What’s Next? A Massive Fight Over Women’s Reproductive Health

AP Photo/Mary Altaffer

Demonstrators across Madison Avenue during a women's march, Saturday, January 21, 2017, in New York. 

President Donald Trump and his GOP congressional allies have come right out of the gate with a multi-pronged assault on abortion rights, a risky gambit that could complicate Republican efforts to repeal the Affordable Care Act and install a new justice on the Supreme Court.

Women were already riled up after Trump’s election, as evidenced by the millions of protesters who took to the streets in Washington, D.C., and around the globe in a woman-organized march that featured reproductive health as a leading theme. Adding to the sea of pink “pussy” hats sported by marchers were hundreds of pink T-Shirts, signs, and banners supporting Planned Parenthood, the event’s “Exclusive Premiere Sponsor.”

As if to demonstrate just how tone-deaf they are to women and to the majority of Americans who say abortion should be legal, Republicans within days of the march restricted reproductive health on several fronts. Trump not only revived but dramatically expanded a global gag rule that bans federal international aid for groups that perform or even advise women about abortions. 

Less noticed, but no less outrageous to abortion-rights advocates on and off Capitol Hill, was a House vote Wednesday to approve a bill that bans any insurance company that offers abortions from participating in the Affordable Care Act’s health exchanges or offering coverage to federal workers. In a characteristic bit of GOP doublespeak, Republicans cast the bill as a ban on taxpayer money for abortions. But federal law already bars public funding for the procedure. The real purpose, the bill’s opponents say, is to force insurance companies not to cover abortions.

It was just one of more than a dozen anti-abortion bills that House Republicans have already introduced in this Congress, including initiatives to ban the transport of minors seeking abortions across state lines, and to criminalize the procedure with no exception through “personhood” legislation that would even take aim at contraception. Not to mention House Speaker Paul Ryan’s plan to include a ban on Medicaid reimbursements for Planned Parenthood in the budget reconciliation bill that Republicans will use to begin repealing the Affordable Care Act.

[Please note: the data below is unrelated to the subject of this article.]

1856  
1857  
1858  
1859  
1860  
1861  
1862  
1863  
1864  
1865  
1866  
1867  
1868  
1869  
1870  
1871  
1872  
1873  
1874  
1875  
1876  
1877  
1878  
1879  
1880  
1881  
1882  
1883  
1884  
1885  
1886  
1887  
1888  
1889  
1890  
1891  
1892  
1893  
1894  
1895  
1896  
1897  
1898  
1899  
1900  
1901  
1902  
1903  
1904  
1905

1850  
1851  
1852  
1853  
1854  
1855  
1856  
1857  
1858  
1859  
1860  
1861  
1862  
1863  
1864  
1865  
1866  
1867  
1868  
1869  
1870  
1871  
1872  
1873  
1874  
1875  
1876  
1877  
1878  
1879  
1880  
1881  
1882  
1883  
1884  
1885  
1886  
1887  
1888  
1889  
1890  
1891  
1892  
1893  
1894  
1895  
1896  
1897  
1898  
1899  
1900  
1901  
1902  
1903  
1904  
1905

Congressional Republicans have approved these and many other anti-abortion bills before, but President Barack Obama vetoed them. Now GOP lawmakers are firing with real bullets. They may be in for a surprise. The GOP assault on Planned Parenthood may play well with the anti-abortion protesters who will convene on the capitol for their annual March for Life on Friday. But 57 percent of Americans support legal abortion, according to the Pew Research Center. And 58 percent of voters favor continued federal funding for Planned Parenthood, a poll by Politico and Harvard University found last year, including almost half of Trump voters.

“I don’t think this is what voters want,” says Gretchen Borchelt, vice president for reproductive rights and health at the National Women’s Law Center, which has been flooded since Election Day with contributions, volunteers, phone calls, and emails from both women and men eager to defend women’s rights and tell their stories. Planned Parenthood has also received hundreds of thousands of contributions since November 8, including more than 80,000 to a fund named for Vice President Mike Pence, a longtime abortion foe bent on defunding Planned Parenthood. NARAL Pro-choice America has seen membership jump to 1.2 million, organizers say, a 20 percent increase.

The Women’s March on Washington “was an event where reproductive rights were really at the tip of the spear,” says Kaylie Hanson Long, NARAL Pro-Choice America’s national communications director. Women are also helping pack town hall meetings to defend the Affordable Care Act, which made health care available to close to 7.5 million women, and which included several woman-specific provisions. These include contraceptive coverage, a ban on higher premiums based on gender, and a ban on denying insurance to women with such “pre-existing conditions” as caesarean delivery or spousal abuse.

Women’s reproductive health groups and their allies have ginned up thousands of phone calls and petition signatures to Capitol Hill in opposition to Trump’s nomination of House Republican Tom Price of Georgia, a leading abortion opponent, for Health and Human Services secretary. The real battle royal, however, will start next week, when Trump is expected to nominate a Supreme Court justice to replace the late Antonin Scalia. Trump has said he wants a justice who will overturn Roe v. Wade, the landmark ruling that upheld abortion as a constitutional right.

Unlike Trump’s cabinet picks, who only need a bare majority of senators to win confirmation, Trump’s Supreme Court nominee will require the support of 60 Senators to win a floor vote (unless the Republicans decide to change the Senate rules). The stakes are high for women’s reproductive health groups, but they may be even higher for the GOP. Says Long, of NARAL: “People are more than ready to hold their senators and representatives accountable.”  

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